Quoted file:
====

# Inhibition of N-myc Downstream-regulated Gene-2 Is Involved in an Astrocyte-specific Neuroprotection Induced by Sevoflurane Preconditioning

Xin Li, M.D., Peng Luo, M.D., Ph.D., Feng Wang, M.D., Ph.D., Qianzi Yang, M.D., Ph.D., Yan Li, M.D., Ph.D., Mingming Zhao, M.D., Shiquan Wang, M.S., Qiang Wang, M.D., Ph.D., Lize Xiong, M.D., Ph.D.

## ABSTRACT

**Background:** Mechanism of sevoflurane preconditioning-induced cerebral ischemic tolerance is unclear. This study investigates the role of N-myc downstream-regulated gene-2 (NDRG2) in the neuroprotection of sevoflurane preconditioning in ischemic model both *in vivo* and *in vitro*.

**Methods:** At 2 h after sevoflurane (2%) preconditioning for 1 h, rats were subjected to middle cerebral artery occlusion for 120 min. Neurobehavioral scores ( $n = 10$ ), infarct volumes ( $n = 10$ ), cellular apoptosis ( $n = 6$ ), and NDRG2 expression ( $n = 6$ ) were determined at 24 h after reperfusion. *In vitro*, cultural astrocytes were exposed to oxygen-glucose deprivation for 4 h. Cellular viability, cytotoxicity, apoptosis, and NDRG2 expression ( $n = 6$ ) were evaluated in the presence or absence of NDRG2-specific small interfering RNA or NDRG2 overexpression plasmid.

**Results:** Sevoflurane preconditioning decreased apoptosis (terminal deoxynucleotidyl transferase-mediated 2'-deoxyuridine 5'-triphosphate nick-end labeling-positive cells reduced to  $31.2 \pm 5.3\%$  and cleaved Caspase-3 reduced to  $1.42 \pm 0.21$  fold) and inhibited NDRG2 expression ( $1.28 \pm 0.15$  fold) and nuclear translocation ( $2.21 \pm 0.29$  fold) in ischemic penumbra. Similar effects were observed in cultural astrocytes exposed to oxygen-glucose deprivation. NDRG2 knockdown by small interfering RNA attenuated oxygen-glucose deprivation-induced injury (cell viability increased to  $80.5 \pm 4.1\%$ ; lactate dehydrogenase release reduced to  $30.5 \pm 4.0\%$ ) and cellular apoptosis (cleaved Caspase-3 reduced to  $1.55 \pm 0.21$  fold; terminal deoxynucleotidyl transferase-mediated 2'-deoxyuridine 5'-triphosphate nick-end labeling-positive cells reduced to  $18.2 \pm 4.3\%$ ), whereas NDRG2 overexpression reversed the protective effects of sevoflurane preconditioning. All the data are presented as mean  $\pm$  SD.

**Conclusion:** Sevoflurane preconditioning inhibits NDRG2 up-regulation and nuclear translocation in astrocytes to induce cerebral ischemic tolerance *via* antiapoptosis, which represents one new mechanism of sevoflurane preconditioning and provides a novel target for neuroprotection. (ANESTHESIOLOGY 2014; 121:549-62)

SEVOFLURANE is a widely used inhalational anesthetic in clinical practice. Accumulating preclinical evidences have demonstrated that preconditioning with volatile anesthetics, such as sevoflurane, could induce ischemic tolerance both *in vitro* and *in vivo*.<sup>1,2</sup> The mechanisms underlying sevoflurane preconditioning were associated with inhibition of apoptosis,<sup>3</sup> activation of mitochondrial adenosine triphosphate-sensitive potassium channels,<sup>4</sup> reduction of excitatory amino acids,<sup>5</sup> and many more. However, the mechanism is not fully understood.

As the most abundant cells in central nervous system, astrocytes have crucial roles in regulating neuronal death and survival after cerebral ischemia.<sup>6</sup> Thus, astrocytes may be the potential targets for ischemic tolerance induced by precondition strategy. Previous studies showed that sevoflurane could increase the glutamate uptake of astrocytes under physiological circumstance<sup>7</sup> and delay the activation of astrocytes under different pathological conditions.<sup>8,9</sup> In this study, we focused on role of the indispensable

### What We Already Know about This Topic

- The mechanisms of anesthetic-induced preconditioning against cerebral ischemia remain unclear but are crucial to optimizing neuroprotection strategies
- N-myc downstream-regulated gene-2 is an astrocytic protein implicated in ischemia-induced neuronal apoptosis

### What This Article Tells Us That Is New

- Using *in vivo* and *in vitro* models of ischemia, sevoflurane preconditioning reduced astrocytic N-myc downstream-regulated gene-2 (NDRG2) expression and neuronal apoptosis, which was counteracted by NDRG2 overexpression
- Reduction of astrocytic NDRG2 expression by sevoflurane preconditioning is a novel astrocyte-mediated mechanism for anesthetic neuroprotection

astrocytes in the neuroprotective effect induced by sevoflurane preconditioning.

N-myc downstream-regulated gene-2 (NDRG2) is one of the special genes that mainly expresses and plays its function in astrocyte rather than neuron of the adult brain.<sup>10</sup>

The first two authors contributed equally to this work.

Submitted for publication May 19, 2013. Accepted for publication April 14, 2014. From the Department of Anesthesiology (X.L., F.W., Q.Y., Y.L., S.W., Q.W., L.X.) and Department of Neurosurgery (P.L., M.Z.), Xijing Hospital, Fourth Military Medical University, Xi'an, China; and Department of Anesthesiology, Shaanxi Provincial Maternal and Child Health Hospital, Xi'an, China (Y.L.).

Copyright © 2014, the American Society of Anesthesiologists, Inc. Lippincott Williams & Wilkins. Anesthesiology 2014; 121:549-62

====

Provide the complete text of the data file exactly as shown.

# Inhibition of N-myc Downstream-regulated Gene-2 Is Involved in an Astrocyte-specific Neuroprotection Induced by Sevoflurane Preconditioning

Xin Li, M.D., Peng Luo, M.D., Ph.D., Feng Wang, M.D., Ph.D., Qianzi Yang, M.D., Ph.D., Yan Li, M.D., Ph.D., Mingming Zhao, M.D., Shiquan Wang, M.S., Qiang Wang, M.D., Ph.D., Lize Xiong, M.D., Ph.D.

## ABSTRACT

**Background:** Mechanism of sevoflurane preconditioning-induced cerebral ischemic tolerance is unclear. This study investigates the role of N-myc downstream-regulated gene-2 (NDRG2) in the neuroprotection of sevoflurane preconditioning in ischemic model both *in vivo* and *in vitro*.

**Methods:** At 2 h after sevoflurane (2%) preconditioning for 1 h, rats were subjected to middle cerebral artery occlusion for 120 min. Neurobehavioral scores ( $n = 10$ ), infarct volumes ( $n = 10$ ), cellular apoptosis ( $n = 6$ ), and NDRG2 expression ( $n = 6$ ) were determined at 24 h after reperfusion. *In vitro*, cultural astrocytes were exposed to oxygen-glucose deprivation for 4 h. Cellular viability, cytotoxicity, apoptosis, and NDRG2 expression ( $n = 6$ ) were evaluated in the presence or absence of NDRG2-specific small interfering RNA or NDRG2 overexpression plasmid.

**Results:** Sevoflurane preconditioning decreased apoptosis (terminal deoxynucleotidyl transferase-mediated 2'-deoxyuridine 5'-triphosphate nick-end labeling-positive cells reduced to  $31.2 \pm 5.3\%$  and cleaved Caspase-3 reduced to  $1.42 \pm 0.21$  fold) and inhibited NDRG2 expression ( $1.28 \pm 0.15$  fold) and nuclear translocation ( $2.21 \pm 0.29$  fold) in ischemic penumbra. Similar effects were observed in cultural astrocytes exposed to oxygen-glucose deprivation. NDRG2 knockdown by small interfering RNA attenuated oxygen-glucose deprivation-induced injury (cell viability increased to  $80.5 \pm 4.1\%$ ; lactate dehydrogenase release reduced to  $30.5 \pm 4.0\%$ ) and cellular apoptosis (cleaved Caspase-3 reduced to  $1.55 \pm 0.21$  fold; terminal deoxynucleotidyl transferase-mediated 2'-deoxyuridine 5'-triphosphate nick-end labeling-positive cells reduced to  $18.2 \pm 4.3\%$ ), whereas NDRG2 overexpression reversed the protective effects of sevoflurane preconditioning. All the data are presented as mean  $\pm$  SD.

**Conclusion:** Sevoflurane preconditioning inhibits NDRG2 up-regulation and nuclear translocation in astrocytes to induce cerebral ischemic tolerance *via* antiapoptosis, which represents one new mechanism of sevoflurane preconditioning and provides a novel target for neuroprotection. (ANESTHESIOLOGY 2014; 121:549-62)

SEVOFLURANE is a widely used inhalational anesthetic in clinical practice. Accumulating preclinical evidences have demonstrated that preconditioning with volatile anesthetics, such as sevoflurane, could induce ischemic tolerance both *in vitro* and *in vivo*.<sup>1,2</sup> The mechanisms underlying sevoflurane preconditioning were associated with inhibition of apoptosis,<sup>3</sup> activation of mitochondrial adenosine triphosphate-sensitive potassium channels,<sup>4</sup> reduction of excitatory amino acids,<sup>5</sup> and many more. However, the mechanism is not fully understood.

As the most abundant cells in central nervous system, astrocytes have crucial roles in regulating neuronal death and survival after cerebral ischemia.<sup>6</sup> Thus, astrocytes may be the potential targets for ischemic tolerance induced by precondition strategy. Previous studies showed that sevoflurane could increase the glutamate uptake of astrocytes under physiological circumstance<sup>7</sup> and delay the activation of astrocytes under different pathological conditions.<sup>8,9</sup> In this study, we focused on role of the indispensable

### What We Already Know about This Topic

- The mechanisms of anesthetic-induced preconditioning against cerebral ischemia remain unclear but are crucial to optimizing neuroprotection strategies
- N-myc downstream-regulated gene-2 is an astrocytic protein implicated in ischemia-induced neuronal apoptosis

### What This Article Tells Us That Is New

- Using *in vivo* and *in vitro* models of ischemia, sevoflurane preconditioning reduced astrocytic N-myc downstream-regulated gene-2 (NDRG2) expression and neuronal apoptosis, which was counteracted by NDRG2 overexpression
- Reduction of astrocytic NDRG2 expression by sevoflurane preconditioning is a novel astrocyte-mediated mechanism for anesthetic neuroprotection

astrocytes in the neuroprotective effect induced by sevoflurane preconditioning.

N-myc downstream-regulated gene-2 (NDRG2) is one of the special genes that mainly expresses and plays its function in astrocyte rather than neuron of the adult brain.<sup>10</sup>

The first two authors contributed equally to this work.

Submitted for publication May 19, 2013. Accepted for publication April 14, 2014. From the Department of Anesthesiology (X.L., F.W., Q.Y., Y.L., S.W., Q.W., L.X.) and Department of Neurosurgery (P.L., M.Z.), Xijing Hospital, Fourth Military Medical University, Xi'an, China; and Department of Anesthesiology, Shaanxi Provincial Maternal and Child Health Hospital, Xi'an, China (Y.L.).

Copyright © 2014, the American Society of Anesthesiologists, Inc. Lippincott Williams & Wilkins. Anesthesiology 2014; 121:549-62